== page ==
The rebirth of Bluer Denim began with a t-shirt. Specifically a promotional tee. Yes, the ones you throw away after each tradeshow/team building exercise/lucky catch from a t-shirt cannon. (Is there anything less stylish?) Rogier, Bluer Denim’s future owner, saw all of these shirts being made under abusive conditions using carcinogenic chemicals and sold at rock bottom prices so that a bunch of marketers could fling them out of t-shirt cannons and so that we all could throw them away.
Rogier decided to change it up. He sourced shirts from a factory in Haiti where adult orphans are trained and paid fairly, breaking the poverty cycle. He sourced materials with a low carbon footprint, and minimal chemicals. And he made the shirts in classic styles so that people would actually wear them (unless, of course, you like wearing an extra-large square on your body.)
Problem solved, right? Well, they cost a bit more. So Rogier then hit the streets to convince brands that it’s worth a few pennies extra to shoot a tee that’s aligned to their corporate values. And brands started buying these shirts and shooting them out of cannons. Problem (somewhat) solved.
Bluer Denim Greener Jeans
Meanwhile, Rogier and team were looking around at the rest of the apparel industry. The impact of fast fashion was never going to be mitigated with a few promotional tees. Enter: Bluer Denim. The former owner wanted to sell the brand and Rogier introduced himself. Rogier knew he could use his experience sourcing from a sustainable supply chain and apply it to denim. The two worked out a deal, and then Rogier was the proud owner of a denim company.
Next step: build the team. He gathered together five trusted colleagues from the t-shirt days and convinced them to take on Bluer Denim with nothing more than a promise. (No, none of us get paid. Yes, our families are scratching their heads.)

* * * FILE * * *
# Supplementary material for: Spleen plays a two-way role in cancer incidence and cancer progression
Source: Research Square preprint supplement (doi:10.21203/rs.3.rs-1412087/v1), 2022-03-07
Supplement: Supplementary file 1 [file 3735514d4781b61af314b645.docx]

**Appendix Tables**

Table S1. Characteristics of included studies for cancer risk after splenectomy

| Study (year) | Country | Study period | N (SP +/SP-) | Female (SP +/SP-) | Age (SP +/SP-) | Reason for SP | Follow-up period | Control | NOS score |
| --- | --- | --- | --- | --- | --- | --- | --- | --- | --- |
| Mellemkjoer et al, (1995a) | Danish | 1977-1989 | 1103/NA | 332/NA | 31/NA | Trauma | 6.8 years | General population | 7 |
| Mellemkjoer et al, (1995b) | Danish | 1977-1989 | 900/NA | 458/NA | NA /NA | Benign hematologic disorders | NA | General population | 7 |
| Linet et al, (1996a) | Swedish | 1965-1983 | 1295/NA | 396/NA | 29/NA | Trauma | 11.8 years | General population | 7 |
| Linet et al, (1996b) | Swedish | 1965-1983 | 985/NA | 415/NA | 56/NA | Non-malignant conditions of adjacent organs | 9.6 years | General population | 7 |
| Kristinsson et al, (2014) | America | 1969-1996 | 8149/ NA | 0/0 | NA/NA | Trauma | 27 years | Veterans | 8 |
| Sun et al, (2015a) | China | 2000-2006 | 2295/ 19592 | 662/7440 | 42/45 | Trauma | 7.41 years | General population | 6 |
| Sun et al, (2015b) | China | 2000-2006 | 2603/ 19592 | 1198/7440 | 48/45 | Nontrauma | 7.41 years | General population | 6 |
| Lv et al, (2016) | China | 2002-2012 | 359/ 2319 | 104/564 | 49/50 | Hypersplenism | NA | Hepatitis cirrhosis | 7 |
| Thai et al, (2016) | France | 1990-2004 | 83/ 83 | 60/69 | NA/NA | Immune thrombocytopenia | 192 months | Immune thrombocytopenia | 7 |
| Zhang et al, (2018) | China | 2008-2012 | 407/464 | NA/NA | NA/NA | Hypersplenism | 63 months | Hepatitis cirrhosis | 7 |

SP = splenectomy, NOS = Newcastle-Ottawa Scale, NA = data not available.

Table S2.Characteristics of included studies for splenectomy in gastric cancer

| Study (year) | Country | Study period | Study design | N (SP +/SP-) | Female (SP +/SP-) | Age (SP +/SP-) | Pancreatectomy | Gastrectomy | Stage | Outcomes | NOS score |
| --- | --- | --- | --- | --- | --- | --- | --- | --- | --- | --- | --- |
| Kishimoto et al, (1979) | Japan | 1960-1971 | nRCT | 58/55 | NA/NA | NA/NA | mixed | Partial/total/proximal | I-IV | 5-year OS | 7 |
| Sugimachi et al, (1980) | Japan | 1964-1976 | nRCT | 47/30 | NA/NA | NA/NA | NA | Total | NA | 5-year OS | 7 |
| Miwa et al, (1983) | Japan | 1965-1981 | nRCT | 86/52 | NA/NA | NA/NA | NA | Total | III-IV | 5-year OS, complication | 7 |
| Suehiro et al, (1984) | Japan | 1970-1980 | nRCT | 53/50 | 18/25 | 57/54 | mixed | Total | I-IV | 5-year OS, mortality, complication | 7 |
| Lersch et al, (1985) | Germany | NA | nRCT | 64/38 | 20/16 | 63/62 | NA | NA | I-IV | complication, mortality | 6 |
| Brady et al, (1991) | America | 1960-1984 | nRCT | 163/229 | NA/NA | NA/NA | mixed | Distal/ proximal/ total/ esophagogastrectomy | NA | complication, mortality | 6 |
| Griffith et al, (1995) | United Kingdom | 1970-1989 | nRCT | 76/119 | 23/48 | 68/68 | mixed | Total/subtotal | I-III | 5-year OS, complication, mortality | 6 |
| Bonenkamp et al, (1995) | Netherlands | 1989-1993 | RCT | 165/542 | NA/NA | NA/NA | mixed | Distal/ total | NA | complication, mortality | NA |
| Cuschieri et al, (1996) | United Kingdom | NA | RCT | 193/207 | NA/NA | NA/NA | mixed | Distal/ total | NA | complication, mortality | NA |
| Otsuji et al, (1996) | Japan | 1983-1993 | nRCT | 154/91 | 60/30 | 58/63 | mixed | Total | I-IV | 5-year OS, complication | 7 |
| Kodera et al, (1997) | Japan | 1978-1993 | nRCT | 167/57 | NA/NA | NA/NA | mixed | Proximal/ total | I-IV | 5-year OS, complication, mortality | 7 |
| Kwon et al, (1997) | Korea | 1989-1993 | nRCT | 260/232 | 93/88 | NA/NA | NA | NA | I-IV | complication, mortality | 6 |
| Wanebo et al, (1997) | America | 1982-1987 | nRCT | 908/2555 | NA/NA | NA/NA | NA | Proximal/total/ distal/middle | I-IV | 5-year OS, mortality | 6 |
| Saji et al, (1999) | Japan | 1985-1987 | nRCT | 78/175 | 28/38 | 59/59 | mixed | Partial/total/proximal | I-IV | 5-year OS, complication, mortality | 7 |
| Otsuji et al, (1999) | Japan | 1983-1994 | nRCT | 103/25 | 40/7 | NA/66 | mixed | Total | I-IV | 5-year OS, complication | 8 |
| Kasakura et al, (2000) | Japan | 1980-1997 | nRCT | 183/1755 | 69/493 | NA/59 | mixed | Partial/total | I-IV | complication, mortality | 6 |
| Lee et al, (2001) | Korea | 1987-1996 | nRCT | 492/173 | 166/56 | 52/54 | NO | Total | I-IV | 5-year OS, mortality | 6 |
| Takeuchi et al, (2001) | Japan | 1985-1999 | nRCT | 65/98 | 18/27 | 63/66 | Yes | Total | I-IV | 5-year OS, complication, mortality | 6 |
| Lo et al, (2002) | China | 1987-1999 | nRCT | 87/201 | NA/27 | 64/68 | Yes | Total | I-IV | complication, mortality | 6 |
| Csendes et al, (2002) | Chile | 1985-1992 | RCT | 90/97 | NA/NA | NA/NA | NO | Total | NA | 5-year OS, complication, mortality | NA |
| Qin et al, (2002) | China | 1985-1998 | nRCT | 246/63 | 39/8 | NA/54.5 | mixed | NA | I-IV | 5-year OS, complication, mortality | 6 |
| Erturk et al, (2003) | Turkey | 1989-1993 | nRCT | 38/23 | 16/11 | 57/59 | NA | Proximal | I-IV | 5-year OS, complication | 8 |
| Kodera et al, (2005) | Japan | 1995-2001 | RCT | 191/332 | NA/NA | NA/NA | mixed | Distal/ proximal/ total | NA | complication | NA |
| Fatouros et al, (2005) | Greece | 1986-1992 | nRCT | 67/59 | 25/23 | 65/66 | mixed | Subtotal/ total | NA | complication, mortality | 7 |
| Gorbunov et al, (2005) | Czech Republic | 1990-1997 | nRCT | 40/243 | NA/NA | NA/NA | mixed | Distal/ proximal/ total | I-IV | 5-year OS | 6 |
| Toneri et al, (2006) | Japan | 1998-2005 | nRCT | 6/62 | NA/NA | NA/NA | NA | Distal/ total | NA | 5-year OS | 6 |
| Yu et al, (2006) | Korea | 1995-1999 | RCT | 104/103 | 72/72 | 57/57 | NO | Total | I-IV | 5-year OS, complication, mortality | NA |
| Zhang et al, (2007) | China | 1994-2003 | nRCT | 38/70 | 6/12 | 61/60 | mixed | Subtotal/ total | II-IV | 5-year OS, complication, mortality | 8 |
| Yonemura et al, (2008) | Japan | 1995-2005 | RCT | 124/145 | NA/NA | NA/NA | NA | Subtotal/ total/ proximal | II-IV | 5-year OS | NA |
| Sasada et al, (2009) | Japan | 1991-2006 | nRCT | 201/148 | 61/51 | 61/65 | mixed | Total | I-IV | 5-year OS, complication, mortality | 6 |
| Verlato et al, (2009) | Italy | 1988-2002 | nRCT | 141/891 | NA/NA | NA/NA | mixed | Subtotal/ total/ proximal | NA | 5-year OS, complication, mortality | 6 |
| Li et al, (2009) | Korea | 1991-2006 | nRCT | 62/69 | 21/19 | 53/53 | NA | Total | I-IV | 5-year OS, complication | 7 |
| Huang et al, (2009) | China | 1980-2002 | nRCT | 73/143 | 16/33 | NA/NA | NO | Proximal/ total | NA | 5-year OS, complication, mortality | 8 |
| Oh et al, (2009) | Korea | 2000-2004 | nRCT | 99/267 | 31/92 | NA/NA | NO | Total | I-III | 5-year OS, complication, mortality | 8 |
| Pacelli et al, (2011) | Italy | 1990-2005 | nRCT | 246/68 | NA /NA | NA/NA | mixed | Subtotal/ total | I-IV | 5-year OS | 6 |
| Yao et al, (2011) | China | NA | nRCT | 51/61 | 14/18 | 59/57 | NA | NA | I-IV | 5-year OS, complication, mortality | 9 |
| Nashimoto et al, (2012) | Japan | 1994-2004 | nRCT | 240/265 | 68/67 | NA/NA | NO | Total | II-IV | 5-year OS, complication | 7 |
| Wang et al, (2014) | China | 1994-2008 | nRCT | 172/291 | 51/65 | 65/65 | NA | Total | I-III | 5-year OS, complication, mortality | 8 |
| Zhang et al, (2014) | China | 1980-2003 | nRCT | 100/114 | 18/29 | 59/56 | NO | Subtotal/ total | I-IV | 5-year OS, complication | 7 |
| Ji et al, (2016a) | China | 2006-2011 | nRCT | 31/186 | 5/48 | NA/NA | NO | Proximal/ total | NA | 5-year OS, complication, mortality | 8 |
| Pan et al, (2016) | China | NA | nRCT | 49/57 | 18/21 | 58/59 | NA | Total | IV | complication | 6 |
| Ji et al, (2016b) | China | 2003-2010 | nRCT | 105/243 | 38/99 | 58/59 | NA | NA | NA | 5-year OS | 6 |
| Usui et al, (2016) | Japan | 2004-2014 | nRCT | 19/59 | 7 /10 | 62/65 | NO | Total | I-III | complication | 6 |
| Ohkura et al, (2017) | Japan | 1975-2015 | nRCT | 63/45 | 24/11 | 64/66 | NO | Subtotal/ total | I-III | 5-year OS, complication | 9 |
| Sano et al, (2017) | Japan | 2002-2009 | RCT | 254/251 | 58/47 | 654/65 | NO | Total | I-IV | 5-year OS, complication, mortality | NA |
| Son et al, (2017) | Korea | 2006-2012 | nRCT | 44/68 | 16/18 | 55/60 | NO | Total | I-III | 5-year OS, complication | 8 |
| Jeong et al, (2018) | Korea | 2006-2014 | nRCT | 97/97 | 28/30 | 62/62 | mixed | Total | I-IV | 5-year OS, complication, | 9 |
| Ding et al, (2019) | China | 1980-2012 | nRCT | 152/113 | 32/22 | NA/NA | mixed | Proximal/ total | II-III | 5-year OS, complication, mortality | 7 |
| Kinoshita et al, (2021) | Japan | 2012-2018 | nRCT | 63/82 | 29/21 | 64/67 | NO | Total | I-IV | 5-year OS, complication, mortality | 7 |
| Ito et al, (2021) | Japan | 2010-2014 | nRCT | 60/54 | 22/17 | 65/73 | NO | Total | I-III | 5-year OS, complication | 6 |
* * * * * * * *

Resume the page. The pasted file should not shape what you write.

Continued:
So here we all are: working Saturdays and Sundays. Working at night after our full-time jobs are finished to sling some jeans in an already (extremely) crowded market. Why do we do it? We ask each other that a lot. Sometimes it’s quite personal and the person (me) doesn’t really want to answer. Sometimes Rogier will talk about sustainability and his environmental anxiety. Sometimes, when Rogier isn’t around the rest of us say, do you think it’s because Rogier just wants to own a denim company and we do it because we like Rogier? (Don’t tell him we say that.)
Breaking Fast Fashion
What I think it comes down to is that the Bluer team is filled with people who want to solve a problem: how do you make jeans that look and feel good and have a positive environmental impact? We’re not talking about jeans you can hike in -- there are plenty of companies that make those. We’re talking about jeans that you would buy because they look great on their own, and then (bonus!) you find out that they are carbon-neutral, made in factories that treat people kindly, using materials that are recycled and sustainably made.
How do you make these jeans and tell the looking good story as well as the feeling good story in a way that makes people value the positive environmental impact as much as they value the fact that their butt looks great? We don’t know! But we’re trying. And we’ll tell you when we’ve solved this problem.
A Note For the Ladies from Melissa, the Head of Marketing
Here’s the thing I find hard to discuss: how emotional clothes are for women. Especially jeans. They either make you feel great or feel terrible. There are jeans you’ve binge-bought, jeans that you’ll wear when you’re a few pounds lighter. There are jeans that feel bad, but someone said that you look good in them. There’s a bit of shame mixed with frustration when you look at how much money you’ve spent on things that feel bad.
I know that feeling. I’ve had that feeling. Bluer Denim is here to help you avoid that feeling by offering jeans that feel good and look good. We’re not here to sell you something you won’t like just to sell you something. If Rogier has his passion for sourcing sustainable materials, my passion is to create a product (and a website) where women feel good and not vaguely bad. There are some great designers already doing this very thing, and we’re looking to them for inspiration.
We also make men’s jeans.
So that’s a bit about Bluer Denim. Want to know more? Sign up for the newsletter where we’ll send you style tips and news about new jeans. Or just email us at firstname.lastname@example.org. Rogier answers most every email he receives and he’ll be happy to chat more about Bluer Denim.